Sôhkêyihta: The Poetry of Sky Dancer Louise Bernice Halfe. Wilfrid Laurier University Press and
The Cree word “Sôhkêyihta,” explains Sky Dancer Louise Bernice Halfe in the afterword to
Sôhkêyihta: The Poetry of Sky Dancer Louise Bernice Halfe (2018), a stellar Laurier Poetry Series publication, is a “gentle commanding word used to encourage people to stand strong while they face adversity.” It encourages the listener to “Have Courage. Be brave. Be strong.” Given the flood of disheartening reports in the national media this past year (and every year since the Canadian colonial project began), including the not-guilty verdicts of Gerald Stanley in the death of Colten Boushie and Raymond Cormier in the death of Tina Fontaine, which have dealt emotional and political blows to reconciliation efforts between the Canadian settler state and the Indigenous communities it has long sought to silence and erase, Halfe’s counsel—sôhkêyihta, stand strong in the face of adversity—remains urgent.
In this collection, Halfe’s fierce and incandescent poetry and voice, which have resonated with readers since the 1990s, are amplified and (if possible) intensified by her biographical afterword, in which she charts her writing life, her work to address legacies of pain, and a process of “spiritual enlightenment, intellectual observation, and emotional healing.” The collection is also made all the more powerful by the foreword by settler scholar David Gaertner. Gaertner illuminates Halfe’s integral place in a body of Indigenous writing that is working to push back against and break colonial narratives and structures that have sought to silence Indigenous voices, and foregrounds her work to “bear witness to the violence of residential schools and settler colonialism writ large,” while listening attentively to the silence of those who have been rendered voiceless.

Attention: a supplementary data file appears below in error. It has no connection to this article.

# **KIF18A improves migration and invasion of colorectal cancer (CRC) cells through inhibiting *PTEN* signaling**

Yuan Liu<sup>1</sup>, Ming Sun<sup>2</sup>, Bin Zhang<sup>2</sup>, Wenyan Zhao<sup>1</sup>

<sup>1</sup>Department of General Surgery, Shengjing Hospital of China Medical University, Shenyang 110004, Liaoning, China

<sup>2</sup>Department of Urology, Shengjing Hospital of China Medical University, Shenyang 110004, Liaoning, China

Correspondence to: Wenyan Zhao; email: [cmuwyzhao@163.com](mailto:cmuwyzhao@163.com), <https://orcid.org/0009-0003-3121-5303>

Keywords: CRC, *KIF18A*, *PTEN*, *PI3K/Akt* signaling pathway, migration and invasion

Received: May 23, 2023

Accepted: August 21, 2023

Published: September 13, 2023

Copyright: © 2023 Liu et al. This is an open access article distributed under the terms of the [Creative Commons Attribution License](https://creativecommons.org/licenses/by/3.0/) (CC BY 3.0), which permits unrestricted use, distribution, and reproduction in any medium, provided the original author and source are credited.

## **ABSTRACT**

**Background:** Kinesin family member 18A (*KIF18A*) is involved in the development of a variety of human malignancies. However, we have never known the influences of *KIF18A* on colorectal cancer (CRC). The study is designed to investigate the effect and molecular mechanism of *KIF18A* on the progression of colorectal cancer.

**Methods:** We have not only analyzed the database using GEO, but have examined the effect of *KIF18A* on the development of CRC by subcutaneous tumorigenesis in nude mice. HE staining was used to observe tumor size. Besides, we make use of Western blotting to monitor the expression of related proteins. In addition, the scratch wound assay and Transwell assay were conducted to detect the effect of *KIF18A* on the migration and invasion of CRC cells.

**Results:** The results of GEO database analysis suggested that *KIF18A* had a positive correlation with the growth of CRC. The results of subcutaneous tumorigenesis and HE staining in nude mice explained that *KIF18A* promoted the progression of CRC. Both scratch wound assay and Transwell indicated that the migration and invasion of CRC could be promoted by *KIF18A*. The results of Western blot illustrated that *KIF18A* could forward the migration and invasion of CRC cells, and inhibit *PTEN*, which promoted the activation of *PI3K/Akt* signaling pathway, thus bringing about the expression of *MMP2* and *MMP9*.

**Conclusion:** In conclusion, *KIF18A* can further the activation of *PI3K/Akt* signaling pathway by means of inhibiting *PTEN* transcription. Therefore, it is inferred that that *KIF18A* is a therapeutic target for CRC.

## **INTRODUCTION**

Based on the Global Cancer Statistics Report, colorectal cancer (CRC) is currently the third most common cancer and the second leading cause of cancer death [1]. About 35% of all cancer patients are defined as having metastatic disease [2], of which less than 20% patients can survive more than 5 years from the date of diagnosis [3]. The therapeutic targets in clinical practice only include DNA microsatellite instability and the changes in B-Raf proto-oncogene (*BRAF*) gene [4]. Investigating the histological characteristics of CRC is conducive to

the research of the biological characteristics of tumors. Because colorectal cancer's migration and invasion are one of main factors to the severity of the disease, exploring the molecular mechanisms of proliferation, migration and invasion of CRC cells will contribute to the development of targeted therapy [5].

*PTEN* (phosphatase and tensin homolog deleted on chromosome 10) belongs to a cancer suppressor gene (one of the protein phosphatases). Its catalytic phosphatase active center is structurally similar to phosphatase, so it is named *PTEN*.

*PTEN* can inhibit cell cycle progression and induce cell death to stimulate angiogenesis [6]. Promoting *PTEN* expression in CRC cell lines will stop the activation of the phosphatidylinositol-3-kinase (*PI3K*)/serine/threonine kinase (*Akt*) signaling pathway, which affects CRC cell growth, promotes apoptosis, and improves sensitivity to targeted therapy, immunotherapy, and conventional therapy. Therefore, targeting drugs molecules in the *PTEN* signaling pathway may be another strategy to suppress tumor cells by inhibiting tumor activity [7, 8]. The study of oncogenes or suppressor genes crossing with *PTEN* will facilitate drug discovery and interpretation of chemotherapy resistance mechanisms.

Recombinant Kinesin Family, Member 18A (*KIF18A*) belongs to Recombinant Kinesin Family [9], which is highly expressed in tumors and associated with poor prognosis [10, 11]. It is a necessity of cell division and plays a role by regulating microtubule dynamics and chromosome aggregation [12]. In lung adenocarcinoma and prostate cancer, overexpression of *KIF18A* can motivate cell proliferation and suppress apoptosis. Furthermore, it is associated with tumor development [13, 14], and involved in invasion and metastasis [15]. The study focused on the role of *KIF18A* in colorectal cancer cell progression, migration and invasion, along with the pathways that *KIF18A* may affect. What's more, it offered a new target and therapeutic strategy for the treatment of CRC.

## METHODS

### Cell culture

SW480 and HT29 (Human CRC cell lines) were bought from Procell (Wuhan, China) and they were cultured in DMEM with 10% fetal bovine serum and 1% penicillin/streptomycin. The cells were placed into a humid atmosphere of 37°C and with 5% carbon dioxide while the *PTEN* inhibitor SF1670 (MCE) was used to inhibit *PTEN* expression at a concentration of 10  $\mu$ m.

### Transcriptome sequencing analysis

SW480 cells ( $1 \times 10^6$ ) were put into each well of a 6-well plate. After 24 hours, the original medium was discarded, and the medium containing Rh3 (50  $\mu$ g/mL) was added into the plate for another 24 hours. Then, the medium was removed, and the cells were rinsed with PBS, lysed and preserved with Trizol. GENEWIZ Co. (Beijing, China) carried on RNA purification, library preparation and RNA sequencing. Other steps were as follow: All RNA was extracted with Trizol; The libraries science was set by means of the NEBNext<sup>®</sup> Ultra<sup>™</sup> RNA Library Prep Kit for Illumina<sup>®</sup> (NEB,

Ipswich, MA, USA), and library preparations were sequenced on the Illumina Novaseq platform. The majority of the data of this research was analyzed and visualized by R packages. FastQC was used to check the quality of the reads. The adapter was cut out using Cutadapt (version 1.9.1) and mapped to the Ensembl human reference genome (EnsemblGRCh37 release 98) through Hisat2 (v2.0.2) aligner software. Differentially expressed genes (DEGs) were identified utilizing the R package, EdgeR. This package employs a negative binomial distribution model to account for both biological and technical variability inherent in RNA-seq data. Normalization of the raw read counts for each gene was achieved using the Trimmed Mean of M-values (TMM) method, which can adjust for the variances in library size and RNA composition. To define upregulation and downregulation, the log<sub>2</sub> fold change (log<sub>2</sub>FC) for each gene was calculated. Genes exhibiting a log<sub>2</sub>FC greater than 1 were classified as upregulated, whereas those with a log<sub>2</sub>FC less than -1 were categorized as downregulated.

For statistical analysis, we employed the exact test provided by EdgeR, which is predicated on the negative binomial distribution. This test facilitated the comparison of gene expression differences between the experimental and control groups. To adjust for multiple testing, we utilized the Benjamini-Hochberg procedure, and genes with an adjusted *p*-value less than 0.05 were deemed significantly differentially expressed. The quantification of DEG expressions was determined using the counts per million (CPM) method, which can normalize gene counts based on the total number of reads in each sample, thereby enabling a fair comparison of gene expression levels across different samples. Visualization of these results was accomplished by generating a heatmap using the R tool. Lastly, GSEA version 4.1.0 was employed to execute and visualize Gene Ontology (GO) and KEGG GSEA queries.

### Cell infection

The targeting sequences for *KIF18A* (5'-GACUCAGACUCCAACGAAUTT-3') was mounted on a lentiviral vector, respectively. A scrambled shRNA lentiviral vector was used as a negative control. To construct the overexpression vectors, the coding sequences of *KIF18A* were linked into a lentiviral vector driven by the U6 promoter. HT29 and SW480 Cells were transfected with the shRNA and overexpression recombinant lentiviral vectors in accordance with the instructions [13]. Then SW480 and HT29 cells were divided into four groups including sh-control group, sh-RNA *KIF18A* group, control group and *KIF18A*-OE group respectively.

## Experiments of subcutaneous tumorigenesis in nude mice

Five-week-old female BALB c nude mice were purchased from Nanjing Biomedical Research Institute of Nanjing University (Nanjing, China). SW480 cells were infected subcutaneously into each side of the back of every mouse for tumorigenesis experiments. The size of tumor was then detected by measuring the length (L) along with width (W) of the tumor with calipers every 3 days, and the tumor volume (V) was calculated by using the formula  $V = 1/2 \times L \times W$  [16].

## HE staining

Halfe’s early poems, including “The Residential School Bus,” which speaks of her experiences in the Blue Quills Residential School, and “Valentine Dialogue,” which addresses sexual abuse, both bear powerful witness and give voice to harrowing experiences that often evade language or are erased from dominant narratives. The poem that concludes the collection, “God of Nightmares,” typifies Halfe’s work and broader efforts, which move resolutely into darkness in order to extract spaces of healing. The poem’s speaker
thanks the god of nightmares
that the acidic fire left blisters on pages
where her pen rose to meet the spirit
Sôhkêyihta is an especially crucial collection for educators, scholars, and readers of Canadian poetry. Halfe offers readers a rich process through which to begin and continue to contend with the horrors and injustices that underpin settler colonialism in Canada.
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